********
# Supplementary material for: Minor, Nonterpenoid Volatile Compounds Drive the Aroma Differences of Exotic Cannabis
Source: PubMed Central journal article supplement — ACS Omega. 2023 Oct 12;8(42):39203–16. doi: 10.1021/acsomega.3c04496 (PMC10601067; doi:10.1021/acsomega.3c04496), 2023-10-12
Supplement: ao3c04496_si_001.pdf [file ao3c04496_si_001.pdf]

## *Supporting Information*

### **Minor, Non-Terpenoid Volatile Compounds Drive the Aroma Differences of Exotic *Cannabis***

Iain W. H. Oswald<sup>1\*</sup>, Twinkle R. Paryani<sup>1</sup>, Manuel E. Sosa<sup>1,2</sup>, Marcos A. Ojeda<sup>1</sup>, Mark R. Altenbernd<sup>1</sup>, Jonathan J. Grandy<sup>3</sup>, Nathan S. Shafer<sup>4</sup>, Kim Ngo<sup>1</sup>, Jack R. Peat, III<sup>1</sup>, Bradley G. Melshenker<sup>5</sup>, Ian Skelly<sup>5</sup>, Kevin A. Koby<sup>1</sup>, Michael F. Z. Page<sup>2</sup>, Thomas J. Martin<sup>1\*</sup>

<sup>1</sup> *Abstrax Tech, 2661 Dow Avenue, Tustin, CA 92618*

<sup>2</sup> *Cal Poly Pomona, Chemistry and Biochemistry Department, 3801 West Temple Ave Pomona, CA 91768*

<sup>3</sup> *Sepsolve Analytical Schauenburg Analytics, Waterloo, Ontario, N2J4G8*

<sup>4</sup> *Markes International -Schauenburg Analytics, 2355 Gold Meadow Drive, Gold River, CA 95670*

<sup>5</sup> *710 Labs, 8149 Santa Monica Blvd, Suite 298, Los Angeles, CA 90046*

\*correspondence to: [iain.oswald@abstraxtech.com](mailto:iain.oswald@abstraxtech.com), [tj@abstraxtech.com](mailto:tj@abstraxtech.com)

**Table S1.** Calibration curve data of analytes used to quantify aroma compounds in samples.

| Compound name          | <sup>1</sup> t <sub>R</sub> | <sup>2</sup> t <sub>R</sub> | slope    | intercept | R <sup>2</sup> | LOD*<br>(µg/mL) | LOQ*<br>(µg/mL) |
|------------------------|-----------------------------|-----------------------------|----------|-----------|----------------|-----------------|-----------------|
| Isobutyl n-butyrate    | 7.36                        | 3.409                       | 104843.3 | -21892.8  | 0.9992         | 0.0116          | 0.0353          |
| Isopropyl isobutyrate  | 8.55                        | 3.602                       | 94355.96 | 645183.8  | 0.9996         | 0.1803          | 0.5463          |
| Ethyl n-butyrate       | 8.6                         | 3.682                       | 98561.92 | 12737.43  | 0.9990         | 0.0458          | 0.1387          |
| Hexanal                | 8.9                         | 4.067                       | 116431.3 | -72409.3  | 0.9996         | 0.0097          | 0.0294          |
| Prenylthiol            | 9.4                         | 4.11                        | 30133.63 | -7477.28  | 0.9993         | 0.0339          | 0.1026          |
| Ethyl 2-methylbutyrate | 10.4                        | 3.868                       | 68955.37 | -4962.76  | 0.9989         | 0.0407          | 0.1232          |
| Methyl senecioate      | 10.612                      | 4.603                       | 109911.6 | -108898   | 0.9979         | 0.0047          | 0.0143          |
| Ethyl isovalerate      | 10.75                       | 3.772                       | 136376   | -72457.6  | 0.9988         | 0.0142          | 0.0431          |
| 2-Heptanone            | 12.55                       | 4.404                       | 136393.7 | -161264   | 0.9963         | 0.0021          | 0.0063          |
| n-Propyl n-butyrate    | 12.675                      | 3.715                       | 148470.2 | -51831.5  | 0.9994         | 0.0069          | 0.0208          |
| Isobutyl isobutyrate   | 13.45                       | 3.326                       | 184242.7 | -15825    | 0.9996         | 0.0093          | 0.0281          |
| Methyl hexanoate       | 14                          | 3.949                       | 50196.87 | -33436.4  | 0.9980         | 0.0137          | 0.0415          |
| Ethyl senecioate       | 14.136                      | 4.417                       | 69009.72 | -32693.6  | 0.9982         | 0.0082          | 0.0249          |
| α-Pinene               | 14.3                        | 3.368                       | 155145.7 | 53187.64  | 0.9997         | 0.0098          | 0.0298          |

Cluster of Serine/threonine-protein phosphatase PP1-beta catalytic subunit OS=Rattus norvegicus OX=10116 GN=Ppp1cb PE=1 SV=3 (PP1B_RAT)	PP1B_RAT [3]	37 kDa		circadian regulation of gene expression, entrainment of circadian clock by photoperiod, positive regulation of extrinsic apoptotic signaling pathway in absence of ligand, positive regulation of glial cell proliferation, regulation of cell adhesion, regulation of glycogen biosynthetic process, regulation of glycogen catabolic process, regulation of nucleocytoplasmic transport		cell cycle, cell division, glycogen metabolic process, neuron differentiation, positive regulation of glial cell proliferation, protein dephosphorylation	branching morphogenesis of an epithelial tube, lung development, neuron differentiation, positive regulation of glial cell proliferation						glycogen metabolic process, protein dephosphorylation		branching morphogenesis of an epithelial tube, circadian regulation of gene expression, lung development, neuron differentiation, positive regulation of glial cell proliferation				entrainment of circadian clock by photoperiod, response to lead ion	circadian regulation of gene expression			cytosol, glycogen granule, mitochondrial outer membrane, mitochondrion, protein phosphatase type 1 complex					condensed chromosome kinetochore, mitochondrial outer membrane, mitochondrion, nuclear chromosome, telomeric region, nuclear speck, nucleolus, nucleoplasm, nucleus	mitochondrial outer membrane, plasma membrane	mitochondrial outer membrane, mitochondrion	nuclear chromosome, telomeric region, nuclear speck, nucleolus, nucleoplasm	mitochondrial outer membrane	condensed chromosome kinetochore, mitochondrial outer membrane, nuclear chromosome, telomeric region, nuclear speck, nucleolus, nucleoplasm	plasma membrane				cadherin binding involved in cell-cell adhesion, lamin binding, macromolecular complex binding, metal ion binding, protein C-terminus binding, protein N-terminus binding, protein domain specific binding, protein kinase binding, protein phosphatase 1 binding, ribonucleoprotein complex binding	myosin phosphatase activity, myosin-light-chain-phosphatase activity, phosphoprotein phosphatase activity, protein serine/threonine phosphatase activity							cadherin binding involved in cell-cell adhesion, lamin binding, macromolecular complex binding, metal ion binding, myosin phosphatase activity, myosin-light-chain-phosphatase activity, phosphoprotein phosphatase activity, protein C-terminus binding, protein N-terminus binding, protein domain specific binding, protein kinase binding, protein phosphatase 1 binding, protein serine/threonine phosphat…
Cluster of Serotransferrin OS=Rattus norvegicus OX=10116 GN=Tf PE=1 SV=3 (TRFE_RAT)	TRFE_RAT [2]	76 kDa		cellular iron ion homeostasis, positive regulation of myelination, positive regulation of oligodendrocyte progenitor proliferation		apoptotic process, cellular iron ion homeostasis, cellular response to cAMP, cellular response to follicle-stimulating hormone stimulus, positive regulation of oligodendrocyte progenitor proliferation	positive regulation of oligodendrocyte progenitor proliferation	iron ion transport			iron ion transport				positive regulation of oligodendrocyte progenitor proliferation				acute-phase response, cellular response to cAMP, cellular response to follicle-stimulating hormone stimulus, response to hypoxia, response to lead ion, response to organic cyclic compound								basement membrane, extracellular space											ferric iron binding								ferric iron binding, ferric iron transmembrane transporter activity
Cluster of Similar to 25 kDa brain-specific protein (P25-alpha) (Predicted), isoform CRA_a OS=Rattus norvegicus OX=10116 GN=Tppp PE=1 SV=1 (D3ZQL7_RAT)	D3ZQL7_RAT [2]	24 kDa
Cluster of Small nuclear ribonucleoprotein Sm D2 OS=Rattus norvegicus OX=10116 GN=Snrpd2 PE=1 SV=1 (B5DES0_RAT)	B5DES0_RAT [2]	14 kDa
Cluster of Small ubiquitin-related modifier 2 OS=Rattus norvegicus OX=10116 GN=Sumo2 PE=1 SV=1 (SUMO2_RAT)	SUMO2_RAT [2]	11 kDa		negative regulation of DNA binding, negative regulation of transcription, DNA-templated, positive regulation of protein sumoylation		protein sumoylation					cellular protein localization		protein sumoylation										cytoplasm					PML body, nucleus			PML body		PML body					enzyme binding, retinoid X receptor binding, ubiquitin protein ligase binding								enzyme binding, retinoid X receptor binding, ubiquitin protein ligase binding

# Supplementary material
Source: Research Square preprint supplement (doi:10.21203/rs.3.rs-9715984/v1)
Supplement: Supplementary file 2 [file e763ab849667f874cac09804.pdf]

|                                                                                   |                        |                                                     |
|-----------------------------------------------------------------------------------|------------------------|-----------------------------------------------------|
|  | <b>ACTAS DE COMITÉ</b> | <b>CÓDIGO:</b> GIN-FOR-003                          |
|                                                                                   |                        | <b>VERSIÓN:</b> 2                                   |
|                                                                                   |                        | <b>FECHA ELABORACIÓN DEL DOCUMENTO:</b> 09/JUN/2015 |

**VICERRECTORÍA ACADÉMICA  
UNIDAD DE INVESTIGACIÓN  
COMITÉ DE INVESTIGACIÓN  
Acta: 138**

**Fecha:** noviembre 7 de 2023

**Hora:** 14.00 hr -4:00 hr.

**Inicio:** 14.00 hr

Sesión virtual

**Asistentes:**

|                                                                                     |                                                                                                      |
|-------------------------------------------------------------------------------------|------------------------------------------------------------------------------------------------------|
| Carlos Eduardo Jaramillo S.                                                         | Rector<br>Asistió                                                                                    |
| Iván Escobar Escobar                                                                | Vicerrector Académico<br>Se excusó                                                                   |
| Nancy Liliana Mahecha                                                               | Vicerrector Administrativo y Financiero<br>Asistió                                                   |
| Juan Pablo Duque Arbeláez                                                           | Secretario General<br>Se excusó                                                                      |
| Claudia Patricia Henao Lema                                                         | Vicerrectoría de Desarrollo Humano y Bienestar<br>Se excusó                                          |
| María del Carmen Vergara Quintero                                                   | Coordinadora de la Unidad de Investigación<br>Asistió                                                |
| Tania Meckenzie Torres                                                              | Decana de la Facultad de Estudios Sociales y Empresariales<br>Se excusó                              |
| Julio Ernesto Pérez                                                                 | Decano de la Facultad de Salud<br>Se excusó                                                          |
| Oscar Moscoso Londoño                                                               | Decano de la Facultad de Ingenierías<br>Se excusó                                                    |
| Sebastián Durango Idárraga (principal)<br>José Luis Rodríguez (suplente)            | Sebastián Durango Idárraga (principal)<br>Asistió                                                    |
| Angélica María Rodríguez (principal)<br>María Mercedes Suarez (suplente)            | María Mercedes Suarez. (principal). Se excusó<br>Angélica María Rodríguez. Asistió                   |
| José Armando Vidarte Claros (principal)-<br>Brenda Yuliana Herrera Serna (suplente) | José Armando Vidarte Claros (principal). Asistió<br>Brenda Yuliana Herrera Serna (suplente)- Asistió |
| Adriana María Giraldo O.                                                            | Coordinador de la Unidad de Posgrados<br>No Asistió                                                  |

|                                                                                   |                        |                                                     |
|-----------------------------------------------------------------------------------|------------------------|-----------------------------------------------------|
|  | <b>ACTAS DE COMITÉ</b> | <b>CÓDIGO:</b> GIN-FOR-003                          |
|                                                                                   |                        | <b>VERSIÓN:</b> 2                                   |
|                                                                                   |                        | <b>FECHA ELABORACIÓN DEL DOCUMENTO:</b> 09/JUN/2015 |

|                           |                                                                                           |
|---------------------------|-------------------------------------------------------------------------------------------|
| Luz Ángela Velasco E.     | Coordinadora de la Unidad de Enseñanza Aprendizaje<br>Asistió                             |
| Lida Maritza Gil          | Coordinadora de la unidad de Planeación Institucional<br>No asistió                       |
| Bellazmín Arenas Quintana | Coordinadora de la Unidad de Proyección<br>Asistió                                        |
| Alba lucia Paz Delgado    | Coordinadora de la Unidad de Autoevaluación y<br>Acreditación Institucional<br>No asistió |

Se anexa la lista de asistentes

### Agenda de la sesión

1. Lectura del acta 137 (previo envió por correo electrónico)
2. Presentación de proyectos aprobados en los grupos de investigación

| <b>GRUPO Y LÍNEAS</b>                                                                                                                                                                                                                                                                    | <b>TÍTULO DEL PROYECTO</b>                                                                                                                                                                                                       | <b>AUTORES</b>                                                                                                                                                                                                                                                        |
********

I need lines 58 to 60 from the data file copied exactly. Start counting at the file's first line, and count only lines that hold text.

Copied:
| Claudia Patricia Henao Lema                                                         | Vicerrectoría de Desarrollo Humano y Bienestar<br>Se excusó                                          |
| María del Carmen Vergara Quintero                                                   | Coordinadora de la Unidad de Investigación<br>Asistió                                                |
| Tania Meckenzie Torres                                                              | Decana de la Facultad de Estudios Sociales y Empresariales<br>Se excusó                              |